These Are the Things You Should Look out for when Operating a Boom Mic

How do you avoid the pitfalls of being "that boom operator?"

Operating a boom isn't as simple as it looks; it actually requires a lot of expertise, finesse and physical strength. Not only do you have to know where to place the boom in order to get the best possible sound, but you also have to ensure that it doesn't ruin the shot by bobbing into the frame. Luckily in this video from Aputure, boom operator Stephen Harrod serves up six tips that will help you take your boom game to the next level.

So here are six things to keep in mind the next time you operate a boom:

1. Make sure you are out of the way

You, not just your boom, need to keep as low a profile as possible. Sets are busy and people are usually packed like sardines in the small space around the camera, so make sure that you don't get in the way of others trying to do their job. Be mindful of where you are and whose sight you might be obstructing. Harrod even suggests wearing clothes that minimize distraction, like black stuff that doesn't have big prints, text, or graphics.

2. Go to rehearsals and understand the blocking

Being aware of how the day's shots are going to unfold as far as blocking goes will help you not only put your boom in the right place at the right time, but it'll help you avoid sticking it where it shouldn't go. This is especially important if there is a lot of camera/character movement, as well as dialog in the shot, because not only will you have to move with the camera/characters, but you'll have to know who is delivering their lines and when in order to point your boom at the right person.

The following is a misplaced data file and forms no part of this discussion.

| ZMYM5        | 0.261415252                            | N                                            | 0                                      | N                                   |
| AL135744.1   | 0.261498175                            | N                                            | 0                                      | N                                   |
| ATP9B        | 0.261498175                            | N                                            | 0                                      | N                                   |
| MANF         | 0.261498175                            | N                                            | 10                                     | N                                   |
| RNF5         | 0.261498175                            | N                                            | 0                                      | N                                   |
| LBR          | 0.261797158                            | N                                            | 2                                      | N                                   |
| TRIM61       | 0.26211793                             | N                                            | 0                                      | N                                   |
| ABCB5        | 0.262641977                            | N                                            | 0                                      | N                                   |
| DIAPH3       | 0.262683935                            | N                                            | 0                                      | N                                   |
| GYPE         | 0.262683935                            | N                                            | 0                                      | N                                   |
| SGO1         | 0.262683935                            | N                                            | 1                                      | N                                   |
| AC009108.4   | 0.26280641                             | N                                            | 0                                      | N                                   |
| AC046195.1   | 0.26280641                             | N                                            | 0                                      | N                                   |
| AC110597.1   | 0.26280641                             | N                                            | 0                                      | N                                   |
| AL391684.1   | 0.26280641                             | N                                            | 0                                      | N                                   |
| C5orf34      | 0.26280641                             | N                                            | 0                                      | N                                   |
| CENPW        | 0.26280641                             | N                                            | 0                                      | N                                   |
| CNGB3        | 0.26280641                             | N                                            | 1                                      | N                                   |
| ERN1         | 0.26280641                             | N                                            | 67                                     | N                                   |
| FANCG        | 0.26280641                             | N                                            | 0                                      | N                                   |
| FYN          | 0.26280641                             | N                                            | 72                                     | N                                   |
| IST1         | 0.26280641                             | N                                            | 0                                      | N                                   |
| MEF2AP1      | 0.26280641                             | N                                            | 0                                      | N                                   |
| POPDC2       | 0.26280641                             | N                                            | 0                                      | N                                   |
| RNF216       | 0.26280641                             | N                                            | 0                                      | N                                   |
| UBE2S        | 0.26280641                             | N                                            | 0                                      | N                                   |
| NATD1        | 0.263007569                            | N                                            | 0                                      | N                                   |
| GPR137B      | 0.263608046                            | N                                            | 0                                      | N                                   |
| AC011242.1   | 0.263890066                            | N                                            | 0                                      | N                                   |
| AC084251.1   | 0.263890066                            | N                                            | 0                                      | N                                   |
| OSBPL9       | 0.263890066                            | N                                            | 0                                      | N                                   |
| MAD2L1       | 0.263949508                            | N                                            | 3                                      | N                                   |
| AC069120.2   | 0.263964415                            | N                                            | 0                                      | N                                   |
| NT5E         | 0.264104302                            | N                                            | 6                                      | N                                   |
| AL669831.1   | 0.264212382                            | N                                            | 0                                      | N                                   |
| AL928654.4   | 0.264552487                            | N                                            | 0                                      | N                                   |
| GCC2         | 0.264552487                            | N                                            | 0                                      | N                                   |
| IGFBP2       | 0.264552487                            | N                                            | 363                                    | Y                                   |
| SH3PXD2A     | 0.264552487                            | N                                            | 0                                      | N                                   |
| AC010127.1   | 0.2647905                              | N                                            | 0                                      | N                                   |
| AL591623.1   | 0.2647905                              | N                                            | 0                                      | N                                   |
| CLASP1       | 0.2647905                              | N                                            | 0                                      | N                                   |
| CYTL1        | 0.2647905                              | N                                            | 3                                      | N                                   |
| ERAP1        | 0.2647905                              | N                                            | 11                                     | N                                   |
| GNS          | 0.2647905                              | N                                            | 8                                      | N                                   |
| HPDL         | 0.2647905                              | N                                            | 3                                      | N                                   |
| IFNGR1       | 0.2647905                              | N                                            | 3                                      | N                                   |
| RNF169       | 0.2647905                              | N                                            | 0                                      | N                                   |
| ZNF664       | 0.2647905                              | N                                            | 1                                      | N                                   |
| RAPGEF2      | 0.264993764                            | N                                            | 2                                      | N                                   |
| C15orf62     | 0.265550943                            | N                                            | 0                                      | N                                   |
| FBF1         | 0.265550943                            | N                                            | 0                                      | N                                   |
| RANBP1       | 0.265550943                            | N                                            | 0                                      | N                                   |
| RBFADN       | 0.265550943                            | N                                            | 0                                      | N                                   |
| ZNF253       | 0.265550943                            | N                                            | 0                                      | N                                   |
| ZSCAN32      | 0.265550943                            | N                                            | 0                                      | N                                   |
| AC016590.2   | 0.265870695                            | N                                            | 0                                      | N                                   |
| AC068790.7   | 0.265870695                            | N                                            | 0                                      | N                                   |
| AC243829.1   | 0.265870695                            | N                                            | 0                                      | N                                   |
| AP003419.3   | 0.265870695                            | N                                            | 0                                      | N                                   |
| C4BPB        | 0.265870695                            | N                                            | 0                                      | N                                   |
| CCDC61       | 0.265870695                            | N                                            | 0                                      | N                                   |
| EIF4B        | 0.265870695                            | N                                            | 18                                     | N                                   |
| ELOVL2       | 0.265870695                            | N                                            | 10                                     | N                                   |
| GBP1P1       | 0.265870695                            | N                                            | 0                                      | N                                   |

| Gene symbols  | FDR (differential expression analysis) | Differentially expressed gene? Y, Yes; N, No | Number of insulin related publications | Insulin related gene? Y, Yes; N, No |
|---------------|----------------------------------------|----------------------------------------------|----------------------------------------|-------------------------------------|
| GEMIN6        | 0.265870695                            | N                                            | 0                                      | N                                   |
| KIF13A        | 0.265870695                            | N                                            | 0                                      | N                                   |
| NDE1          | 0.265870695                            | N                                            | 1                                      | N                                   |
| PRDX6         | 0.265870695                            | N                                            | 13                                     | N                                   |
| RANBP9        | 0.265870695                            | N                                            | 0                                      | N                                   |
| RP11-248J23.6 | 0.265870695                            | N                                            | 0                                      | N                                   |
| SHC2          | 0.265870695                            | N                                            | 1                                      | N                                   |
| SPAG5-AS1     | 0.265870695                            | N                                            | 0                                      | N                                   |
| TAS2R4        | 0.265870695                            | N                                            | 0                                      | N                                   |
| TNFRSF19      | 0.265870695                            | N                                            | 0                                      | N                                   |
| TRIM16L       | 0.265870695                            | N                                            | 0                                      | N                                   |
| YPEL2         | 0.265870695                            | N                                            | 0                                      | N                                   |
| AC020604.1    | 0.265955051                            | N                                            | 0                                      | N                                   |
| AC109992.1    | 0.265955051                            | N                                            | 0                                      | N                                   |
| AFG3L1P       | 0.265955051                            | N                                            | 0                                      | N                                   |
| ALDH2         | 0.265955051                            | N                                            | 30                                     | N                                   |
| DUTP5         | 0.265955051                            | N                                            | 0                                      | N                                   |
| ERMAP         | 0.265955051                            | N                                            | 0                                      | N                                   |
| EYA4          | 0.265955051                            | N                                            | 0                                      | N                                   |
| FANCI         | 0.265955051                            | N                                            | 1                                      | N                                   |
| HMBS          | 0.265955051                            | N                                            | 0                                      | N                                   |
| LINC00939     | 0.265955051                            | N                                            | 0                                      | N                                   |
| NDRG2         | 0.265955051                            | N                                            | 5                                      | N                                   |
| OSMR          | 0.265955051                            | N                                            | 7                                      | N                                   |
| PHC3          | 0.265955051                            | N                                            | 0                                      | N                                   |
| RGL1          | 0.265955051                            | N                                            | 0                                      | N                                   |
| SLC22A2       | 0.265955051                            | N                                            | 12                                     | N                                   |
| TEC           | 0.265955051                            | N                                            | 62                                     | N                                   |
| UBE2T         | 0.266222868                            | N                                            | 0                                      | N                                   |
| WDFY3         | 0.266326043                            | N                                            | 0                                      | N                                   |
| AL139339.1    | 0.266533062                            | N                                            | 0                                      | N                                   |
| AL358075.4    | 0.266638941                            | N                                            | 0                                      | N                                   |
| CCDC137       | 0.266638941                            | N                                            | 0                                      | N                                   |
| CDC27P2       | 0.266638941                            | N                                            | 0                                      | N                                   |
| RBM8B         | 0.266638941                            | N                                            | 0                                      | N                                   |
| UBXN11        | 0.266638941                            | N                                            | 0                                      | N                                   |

3. Be aware of lighting

You've done a good job of keeping your boom out of the camera's view, but what about shadows? If you put your boom in front of a light, it's going to cast a shadow and potentially ruin the shot, so take note of where lights are placed and where the light is in the scene—this goes for windows and mirrors as well. If you're finding it difficult to avoid casting a harsh shadow, talk to someone in the camera or light department (the DP, 1st AC, or gaffer) to try to work out a solution.